Despite the supportive rhetoric, environmentalists routinely oppose wind farms because of their potential to decimate bird and bat populations and the large amounts of land they consume. In contrast, nuclear plants take up relatively little land, fit both urban and rural areas and the land around them typically becomes habitat. Ruehrwein also omits mention of the subsidies that all forms of energy require, including renewables.

The spent fuel from American reactors over the past 50 years could cover a football field about 15 feet deep. That’s not much when you consider nuclear provides 20 percent of our nation’s energy and 80 percent of its carbon-free energy. All this spent fuel can be reprocessed into more fuel, as in other countries, but we don’t reprocess because of environmentalist opposition.

Our opponents conveniently forget to mention the merchant wind farms and geothermal producers that are already exporting Idaho power. They join the merchant farmers, food processors and computer chip makers who bring money and provide jobs in Idaho. The IEC would generate more energy than we could consume in the current market and help capture some of the $2 billion that Idahoans send out of state for power annually.

Oddly, critics seem to have no problem with merchant renewables. And neither do we. In truth, we have much in common with opponents in our support of renewable energy. However, we – and most Americans and political leaders – know national economic and security interests demand a mainstream, inclusive approach that recognizes renewable, nuclear, natural gas and other clean and low-carbon approaches.

Given nuclear power’s contributions and stellar safety record, we believe it is extremist and closed-minded to exclude any form of energy from our nation’s future.

Jennie Ransom is vice-president of administration of Alternate Energy Holdings Inc.

Thanks to the Mountain Home news December 16, 2008

Posted by cleanidahoenergy in AEHI, Agriculture, approval process, balanced approach, Elmore County, Energy policy, Greenfield nuclear development, Mountain Home News, nuclear industry, Politics and nuclear, reactor types, renewable energy, Snake River Alliance, Water policy.
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As our application in Elmore County moves forward, there is understandably some debate on the issue. Recently, the Mountain Home News published a letter by Leonard Hutterman. The paper was kind enough to provide us space to respond to Mr. Hutterman and our response is reprinted below:

Gillispie says nation will depend on nuclear power

Wednesday, December 3, 2008

Dear editor:
Leonard Hutterman’s recent letter in the Mountain Home News is thought-provoking and will surely increase discussion of our region’s and nation’s energy future.

While we agree with many of Mr. Hutterman’s statements about the need for a balanced energy portfolio in Elmore County, we should clarify some of his assertions about nuclear and renewable energies.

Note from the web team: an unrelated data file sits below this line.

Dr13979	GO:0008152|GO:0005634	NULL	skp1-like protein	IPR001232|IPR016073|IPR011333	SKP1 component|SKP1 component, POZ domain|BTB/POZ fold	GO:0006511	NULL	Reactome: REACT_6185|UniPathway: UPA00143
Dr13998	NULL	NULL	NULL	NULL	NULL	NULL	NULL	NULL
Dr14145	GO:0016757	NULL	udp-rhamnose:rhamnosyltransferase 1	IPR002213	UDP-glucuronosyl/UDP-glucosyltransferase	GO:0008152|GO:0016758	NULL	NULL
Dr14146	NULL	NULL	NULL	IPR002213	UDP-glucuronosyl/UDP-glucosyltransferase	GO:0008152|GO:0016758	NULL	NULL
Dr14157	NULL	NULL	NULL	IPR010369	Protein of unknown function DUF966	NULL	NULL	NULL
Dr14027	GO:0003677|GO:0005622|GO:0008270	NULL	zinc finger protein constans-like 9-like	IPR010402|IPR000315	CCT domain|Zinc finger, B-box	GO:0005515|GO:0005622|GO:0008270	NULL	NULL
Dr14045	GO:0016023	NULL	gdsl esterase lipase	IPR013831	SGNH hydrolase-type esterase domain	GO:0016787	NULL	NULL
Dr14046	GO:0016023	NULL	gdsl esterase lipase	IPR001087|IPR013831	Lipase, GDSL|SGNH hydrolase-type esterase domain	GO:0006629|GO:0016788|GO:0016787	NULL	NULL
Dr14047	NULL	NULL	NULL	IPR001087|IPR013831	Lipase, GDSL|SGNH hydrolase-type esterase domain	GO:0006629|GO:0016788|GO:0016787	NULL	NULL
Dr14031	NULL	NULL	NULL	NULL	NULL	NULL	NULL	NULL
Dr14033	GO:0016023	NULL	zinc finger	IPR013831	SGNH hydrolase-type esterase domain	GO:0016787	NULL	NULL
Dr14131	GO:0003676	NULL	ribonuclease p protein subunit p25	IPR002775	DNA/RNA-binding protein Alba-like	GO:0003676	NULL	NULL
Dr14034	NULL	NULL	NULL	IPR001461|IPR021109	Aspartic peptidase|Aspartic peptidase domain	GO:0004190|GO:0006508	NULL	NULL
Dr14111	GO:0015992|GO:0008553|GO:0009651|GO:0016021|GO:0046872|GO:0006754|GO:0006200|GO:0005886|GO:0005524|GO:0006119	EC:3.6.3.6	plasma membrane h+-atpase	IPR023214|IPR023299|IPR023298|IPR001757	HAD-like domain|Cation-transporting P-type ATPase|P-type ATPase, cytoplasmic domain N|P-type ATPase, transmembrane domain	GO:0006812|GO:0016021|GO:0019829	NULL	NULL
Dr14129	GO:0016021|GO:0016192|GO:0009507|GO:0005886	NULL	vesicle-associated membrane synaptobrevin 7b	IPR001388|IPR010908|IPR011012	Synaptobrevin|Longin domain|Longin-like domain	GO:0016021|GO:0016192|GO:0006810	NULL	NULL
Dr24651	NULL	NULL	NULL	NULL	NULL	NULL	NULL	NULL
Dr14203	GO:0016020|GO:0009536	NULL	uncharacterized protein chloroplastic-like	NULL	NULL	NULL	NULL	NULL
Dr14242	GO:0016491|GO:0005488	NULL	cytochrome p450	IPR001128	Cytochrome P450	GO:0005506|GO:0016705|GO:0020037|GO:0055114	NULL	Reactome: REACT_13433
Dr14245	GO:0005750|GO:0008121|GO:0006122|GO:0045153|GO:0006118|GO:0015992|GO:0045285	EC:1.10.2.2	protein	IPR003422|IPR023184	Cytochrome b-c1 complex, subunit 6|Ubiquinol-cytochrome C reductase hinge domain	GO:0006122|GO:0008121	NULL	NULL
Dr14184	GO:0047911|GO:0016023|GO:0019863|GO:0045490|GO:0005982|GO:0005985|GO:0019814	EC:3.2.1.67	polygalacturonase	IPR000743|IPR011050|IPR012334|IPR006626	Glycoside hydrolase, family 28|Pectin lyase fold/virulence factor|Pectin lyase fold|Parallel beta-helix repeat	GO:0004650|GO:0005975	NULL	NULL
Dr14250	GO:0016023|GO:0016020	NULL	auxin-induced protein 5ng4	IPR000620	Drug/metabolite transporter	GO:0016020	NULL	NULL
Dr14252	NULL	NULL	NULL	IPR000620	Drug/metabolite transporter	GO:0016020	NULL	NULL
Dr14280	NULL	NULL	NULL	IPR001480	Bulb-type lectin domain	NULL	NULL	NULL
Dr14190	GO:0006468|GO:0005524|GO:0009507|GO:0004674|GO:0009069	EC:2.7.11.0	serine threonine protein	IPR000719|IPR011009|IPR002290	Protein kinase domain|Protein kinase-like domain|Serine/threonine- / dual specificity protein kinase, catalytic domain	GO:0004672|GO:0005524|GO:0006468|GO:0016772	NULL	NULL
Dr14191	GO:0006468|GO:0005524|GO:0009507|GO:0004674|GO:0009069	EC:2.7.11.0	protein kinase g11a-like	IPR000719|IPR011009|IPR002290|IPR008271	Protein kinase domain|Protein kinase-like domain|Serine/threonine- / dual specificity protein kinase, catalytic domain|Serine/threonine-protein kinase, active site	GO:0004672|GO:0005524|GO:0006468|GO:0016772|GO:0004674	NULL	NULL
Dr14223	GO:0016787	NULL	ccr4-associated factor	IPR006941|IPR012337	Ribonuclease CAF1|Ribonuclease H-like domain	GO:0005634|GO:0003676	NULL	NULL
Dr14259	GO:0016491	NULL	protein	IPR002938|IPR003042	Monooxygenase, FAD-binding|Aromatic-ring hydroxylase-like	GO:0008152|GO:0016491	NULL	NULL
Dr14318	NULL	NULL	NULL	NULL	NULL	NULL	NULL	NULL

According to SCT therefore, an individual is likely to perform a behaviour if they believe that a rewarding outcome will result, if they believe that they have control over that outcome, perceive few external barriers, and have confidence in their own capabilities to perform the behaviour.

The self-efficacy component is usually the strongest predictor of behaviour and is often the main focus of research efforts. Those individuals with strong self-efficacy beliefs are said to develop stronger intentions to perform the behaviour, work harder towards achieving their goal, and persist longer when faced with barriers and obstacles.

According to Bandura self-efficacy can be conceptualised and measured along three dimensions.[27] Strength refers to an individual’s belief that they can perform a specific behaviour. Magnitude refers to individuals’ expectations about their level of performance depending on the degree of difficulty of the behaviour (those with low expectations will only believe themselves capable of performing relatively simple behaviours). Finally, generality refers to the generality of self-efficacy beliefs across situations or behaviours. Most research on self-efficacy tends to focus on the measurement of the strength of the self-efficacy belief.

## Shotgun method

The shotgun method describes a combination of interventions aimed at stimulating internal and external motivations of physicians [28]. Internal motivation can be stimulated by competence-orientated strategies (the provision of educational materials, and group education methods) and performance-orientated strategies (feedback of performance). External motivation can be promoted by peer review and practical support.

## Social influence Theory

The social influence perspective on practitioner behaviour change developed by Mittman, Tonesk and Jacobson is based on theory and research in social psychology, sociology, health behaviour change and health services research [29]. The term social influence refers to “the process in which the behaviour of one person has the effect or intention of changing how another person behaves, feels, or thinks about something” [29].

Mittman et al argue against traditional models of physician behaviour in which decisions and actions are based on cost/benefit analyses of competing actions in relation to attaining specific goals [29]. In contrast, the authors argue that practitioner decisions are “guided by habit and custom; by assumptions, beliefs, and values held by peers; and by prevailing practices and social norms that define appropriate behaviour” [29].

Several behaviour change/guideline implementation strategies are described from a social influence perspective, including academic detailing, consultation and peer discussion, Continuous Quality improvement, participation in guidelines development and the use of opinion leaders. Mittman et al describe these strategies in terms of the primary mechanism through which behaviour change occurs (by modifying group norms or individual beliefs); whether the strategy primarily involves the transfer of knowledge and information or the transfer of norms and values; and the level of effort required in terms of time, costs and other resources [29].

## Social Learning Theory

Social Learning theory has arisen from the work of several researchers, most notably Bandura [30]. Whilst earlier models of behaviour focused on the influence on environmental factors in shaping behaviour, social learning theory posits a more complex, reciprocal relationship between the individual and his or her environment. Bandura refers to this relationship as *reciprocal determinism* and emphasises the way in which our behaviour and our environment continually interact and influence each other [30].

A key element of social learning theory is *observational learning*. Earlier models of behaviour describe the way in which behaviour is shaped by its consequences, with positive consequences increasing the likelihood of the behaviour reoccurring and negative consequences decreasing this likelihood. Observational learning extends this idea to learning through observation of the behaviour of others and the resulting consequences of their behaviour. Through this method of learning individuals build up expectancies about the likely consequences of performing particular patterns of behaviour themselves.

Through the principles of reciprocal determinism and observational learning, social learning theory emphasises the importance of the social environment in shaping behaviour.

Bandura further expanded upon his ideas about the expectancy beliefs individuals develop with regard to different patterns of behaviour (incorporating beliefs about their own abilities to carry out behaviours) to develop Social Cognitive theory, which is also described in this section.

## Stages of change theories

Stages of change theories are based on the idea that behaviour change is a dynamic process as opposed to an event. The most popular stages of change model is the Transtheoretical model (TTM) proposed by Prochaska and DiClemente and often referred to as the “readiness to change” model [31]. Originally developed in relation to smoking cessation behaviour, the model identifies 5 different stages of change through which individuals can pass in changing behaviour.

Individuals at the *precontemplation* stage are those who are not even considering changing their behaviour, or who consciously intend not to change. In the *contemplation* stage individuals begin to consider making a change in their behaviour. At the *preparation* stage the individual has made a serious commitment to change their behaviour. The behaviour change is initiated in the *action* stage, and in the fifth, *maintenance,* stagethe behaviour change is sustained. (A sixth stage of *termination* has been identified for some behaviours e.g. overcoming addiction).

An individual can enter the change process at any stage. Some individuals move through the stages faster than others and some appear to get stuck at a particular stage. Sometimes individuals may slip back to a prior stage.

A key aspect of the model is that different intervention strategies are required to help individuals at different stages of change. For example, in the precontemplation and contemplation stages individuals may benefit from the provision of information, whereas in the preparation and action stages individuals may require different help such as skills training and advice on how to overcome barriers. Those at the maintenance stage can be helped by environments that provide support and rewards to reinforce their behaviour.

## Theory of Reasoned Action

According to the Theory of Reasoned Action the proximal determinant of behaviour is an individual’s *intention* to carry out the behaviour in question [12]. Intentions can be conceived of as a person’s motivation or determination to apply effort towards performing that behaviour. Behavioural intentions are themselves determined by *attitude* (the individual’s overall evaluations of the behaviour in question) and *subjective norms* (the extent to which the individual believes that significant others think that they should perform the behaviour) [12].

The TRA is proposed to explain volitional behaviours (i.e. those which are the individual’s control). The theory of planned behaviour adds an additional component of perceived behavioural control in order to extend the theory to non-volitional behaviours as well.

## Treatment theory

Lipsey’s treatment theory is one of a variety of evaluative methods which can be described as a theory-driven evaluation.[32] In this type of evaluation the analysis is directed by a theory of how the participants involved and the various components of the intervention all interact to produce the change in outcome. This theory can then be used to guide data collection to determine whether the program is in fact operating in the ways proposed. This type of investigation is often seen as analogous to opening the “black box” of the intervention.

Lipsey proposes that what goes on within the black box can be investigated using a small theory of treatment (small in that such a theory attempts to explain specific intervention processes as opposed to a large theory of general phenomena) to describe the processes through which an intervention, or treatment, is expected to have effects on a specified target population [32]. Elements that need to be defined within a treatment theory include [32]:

We agree that renewable, nuclear and clean fossil generation all have a place in our energy portfolio. That’s a stark departure from the Snake River Alliance, which claims to favor an unbalanced approach of renewables only (curiously, they cannot bring themselves to show up at public hearings and testify in support of embattled wind farm developers; I personally think they don’t have the stomach to face a roomful of angry citizens, but that’s another story).

Our economy and security depends on a diverse energy portfolio and base-load electricity — power that is affordable, stable and absolutely reliable.

Mr. Hutterman ranked his preferences for power, quoted below in italics. We’d like to add some information to his ranking so people can make more fully informed decisions.

1. “Wind requires no water and uses little productive space and take[s] advantage of wind, of which we have plenty.” In reality, except for a few locations, Idaho only has mediocre wind potential suitable for large power production, according to www.windpoweringamerica.gov/wind_maps.as…; wind cannot fill the power demands of Idaho, let alone the region. Also, wind farms require large amounts of land and roads, can kill many birds and bats, create annoying low-frequency sounds and throw dangerous ice from turbine blades. To produce as much electricity as our proposed nuclear plant, a wind farm would require about 100 times as much area (and only produce energy 17 percent of the time, compared to 92 percent for nuclear).

2. “Solar requires little or no water, uses a lot of space, and needs more sun then we have.” A new generation of thermal solar installations use sunlight to heat water to drive turbines. This improves reliability over photovoltaic solar, but does require water. So far, solar has been only 25 percent reliable.